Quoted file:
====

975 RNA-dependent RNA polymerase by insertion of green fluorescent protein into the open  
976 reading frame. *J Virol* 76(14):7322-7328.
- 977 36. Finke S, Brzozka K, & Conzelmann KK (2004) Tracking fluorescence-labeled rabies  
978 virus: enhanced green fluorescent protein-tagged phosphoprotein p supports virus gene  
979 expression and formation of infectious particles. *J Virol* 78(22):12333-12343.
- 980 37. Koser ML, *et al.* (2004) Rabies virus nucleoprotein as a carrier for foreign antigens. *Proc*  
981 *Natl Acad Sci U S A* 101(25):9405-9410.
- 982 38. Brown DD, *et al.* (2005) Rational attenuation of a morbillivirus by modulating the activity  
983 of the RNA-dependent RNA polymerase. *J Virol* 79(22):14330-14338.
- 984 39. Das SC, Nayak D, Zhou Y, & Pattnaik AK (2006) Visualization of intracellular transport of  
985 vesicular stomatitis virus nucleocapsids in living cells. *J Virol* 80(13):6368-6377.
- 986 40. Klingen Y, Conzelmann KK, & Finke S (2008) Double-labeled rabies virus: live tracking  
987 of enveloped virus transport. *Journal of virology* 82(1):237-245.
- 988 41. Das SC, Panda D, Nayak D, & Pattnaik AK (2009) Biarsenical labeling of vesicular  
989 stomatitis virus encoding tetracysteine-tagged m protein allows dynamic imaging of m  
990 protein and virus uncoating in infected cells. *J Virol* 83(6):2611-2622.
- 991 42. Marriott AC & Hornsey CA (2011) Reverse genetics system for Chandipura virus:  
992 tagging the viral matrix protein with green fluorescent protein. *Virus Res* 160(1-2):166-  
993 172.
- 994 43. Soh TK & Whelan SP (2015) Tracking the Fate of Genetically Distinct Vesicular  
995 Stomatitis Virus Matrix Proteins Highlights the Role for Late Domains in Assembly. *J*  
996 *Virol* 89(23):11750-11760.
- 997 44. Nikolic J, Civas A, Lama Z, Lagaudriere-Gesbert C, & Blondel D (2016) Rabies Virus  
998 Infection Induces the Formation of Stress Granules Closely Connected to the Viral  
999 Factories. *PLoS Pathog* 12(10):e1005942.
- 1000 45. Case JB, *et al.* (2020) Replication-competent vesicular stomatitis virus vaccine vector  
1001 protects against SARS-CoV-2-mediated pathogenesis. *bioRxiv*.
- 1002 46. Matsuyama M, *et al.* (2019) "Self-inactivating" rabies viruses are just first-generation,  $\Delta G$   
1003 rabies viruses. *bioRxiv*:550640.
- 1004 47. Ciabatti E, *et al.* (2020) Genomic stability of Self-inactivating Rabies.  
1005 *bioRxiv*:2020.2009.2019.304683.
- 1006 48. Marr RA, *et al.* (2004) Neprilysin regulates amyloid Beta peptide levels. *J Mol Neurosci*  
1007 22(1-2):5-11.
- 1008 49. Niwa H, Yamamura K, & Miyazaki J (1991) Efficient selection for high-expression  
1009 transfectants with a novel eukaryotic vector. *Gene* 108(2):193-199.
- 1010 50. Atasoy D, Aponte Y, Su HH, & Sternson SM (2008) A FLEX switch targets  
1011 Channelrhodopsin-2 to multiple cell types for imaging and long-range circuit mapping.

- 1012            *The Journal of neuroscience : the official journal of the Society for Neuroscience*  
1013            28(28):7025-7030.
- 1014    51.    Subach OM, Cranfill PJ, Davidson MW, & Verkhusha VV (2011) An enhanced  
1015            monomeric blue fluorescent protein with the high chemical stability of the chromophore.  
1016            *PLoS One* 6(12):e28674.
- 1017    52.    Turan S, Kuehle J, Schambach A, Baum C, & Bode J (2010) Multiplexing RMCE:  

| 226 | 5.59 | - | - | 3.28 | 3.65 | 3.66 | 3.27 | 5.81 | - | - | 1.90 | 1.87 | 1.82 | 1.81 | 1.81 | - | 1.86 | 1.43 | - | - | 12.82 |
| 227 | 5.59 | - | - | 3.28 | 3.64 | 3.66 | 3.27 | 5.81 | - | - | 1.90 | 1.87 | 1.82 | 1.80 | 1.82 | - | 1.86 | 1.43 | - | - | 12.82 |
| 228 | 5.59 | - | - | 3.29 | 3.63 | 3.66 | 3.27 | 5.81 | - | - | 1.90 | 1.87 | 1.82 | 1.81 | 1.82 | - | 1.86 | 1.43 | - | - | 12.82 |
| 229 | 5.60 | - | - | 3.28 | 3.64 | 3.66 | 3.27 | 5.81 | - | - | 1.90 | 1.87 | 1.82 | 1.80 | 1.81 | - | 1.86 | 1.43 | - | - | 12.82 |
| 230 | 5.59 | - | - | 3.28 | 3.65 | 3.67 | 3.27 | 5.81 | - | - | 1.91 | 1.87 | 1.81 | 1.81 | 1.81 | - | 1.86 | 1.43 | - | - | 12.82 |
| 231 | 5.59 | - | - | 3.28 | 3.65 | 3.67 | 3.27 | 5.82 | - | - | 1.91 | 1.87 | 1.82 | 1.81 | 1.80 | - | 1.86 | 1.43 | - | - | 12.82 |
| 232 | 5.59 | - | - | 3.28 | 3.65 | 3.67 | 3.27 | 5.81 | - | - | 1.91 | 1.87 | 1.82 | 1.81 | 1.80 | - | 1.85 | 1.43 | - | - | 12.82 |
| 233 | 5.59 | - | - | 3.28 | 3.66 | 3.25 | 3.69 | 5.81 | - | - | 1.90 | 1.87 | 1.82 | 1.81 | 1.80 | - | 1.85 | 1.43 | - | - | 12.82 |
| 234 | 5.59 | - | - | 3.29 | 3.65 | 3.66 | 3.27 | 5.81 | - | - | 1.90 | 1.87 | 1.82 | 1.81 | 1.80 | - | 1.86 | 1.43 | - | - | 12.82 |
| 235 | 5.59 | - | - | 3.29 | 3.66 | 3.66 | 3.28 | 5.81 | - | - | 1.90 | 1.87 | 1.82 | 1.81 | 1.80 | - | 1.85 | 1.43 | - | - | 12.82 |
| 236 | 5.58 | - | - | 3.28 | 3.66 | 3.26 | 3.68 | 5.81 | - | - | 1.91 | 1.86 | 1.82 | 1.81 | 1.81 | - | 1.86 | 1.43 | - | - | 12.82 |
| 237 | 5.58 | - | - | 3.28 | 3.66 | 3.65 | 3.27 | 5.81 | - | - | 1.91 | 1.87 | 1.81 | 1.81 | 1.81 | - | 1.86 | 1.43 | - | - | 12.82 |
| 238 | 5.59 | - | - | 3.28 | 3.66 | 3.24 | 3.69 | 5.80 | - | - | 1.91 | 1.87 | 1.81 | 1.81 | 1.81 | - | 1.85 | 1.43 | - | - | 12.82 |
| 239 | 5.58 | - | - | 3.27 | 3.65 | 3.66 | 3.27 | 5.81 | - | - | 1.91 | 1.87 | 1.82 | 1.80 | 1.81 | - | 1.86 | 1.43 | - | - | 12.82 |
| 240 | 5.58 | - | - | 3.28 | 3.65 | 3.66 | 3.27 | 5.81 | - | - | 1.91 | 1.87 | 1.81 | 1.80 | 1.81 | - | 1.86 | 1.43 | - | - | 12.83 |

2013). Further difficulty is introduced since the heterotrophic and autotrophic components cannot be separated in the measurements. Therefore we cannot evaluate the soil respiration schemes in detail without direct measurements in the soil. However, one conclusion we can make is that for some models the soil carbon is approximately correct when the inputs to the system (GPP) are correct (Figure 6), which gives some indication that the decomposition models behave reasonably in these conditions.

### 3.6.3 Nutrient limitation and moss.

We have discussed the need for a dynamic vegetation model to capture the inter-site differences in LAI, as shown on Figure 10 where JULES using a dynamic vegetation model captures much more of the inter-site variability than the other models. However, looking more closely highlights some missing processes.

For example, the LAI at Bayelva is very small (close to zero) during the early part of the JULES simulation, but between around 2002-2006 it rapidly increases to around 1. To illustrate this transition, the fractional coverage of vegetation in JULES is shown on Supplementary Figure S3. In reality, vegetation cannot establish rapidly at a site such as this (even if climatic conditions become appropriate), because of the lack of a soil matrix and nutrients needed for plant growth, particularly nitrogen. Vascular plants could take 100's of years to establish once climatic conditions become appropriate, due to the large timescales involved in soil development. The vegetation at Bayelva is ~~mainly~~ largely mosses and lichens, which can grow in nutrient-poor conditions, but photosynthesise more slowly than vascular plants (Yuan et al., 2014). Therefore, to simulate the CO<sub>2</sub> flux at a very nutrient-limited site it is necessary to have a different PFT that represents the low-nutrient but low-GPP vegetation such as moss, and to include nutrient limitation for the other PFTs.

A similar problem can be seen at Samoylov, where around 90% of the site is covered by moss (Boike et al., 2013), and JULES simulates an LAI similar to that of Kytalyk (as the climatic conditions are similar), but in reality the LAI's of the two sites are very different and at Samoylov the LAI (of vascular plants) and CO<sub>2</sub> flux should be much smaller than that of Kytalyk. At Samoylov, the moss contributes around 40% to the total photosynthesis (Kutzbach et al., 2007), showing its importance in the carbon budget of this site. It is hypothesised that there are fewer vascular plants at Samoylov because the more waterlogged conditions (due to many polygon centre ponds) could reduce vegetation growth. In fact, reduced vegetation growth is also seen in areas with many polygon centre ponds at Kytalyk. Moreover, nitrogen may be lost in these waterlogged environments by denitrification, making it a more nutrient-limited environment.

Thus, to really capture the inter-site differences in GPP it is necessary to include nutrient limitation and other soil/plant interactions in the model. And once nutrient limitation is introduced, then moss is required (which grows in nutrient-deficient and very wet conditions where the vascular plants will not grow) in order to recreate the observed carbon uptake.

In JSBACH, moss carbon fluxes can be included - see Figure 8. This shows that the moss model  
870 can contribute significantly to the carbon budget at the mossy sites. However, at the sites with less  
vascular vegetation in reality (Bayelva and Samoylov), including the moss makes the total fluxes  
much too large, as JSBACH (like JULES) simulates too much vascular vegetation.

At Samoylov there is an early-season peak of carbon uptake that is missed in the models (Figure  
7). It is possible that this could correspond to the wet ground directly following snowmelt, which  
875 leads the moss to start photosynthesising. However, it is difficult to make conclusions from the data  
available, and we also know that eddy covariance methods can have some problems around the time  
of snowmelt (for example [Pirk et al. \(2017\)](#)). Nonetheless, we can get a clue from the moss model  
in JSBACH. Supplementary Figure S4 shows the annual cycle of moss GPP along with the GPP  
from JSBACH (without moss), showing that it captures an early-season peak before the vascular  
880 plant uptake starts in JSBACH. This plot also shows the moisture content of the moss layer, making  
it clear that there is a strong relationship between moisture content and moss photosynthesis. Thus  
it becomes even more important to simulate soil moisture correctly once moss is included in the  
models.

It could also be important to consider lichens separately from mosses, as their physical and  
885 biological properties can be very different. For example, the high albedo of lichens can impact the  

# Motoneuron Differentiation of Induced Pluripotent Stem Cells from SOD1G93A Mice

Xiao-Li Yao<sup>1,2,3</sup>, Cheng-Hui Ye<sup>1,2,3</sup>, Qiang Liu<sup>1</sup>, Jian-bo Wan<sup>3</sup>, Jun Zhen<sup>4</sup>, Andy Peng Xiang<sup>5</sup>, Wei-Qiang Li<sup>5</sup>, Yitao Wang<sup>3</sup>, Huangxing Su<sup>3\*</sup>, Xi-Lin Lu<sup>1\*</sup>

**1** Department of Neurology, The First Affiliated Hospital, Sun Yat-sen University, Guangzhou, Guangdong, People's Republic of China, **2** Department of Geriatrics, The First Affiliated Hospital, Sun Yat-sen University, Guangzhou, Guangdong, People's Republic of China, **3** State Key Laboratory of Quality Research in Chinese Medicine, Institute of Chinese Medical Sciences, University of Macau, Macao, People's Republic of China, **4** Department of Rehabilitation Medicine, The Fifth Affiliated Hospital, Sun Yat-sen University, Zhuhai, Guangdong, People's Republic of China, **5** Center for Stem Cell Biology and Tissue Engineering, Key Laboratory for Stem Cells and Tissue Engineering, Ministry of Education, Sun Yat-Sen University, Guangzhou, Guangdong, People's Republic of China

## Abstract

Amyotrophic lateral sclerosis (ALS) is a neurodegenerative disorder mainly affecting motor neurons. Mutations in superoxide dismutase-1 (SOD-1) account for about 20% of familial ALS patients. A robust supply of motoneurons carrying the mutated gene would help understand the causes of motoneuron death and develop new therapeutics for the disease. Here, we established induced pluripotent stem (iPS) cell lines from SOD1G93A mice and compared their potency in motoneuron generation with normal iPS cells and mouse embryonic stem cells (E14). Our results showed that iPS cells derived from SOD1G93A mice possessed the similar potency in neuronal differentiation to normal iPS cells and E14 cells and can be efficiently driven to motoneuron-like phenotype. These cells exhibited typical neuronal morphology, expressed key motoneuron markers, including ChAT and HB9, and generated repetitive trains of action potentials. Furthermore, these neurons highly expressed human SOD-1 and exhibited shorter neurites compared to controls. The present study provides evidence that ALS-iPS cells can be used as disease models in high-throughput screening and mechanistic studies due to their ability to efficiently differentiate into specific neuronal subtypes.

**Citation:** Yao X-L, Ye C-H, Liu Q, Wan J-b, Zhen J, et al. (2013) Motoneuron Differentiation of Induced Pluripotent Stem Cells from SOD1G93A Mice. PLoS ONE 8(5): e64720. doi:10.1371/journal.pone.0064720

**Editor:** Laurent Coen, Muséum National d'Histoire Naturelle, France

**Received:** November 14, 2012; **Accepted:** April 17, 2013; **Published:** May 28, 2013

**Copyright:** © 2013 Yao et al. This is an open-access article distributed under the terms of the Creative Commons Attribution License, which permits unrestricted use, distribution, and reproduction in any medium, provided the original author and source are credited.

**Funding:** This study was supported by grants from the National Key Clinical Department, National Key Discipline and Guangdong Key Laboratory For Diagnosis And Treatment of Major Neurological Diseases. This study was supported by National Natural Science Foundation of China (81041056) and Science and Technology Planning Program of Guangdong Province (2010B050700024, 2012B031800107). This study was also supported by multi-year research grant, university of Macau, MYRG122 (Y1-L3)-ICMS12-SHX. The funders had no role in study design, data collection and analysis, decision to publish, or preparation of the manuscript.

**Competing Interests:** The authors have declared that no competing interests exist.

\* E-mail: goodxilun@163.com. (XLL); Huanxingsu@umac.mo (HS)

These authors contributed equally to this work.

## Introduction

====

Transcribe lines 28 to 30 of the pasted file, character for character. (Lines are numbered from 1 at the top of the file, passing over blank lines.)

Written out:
- 1002 46. Matsuyama M, *et al.* (2019) "Self-inactivating" rabies viruses are just first-generation,  $\Delta G$   
1003 rabies viruses. *bioRxiv*:550640.
- 1004 47. Ciabatti E, *et al.* (2020) Genomic stability of Self-inactivating Rabies.  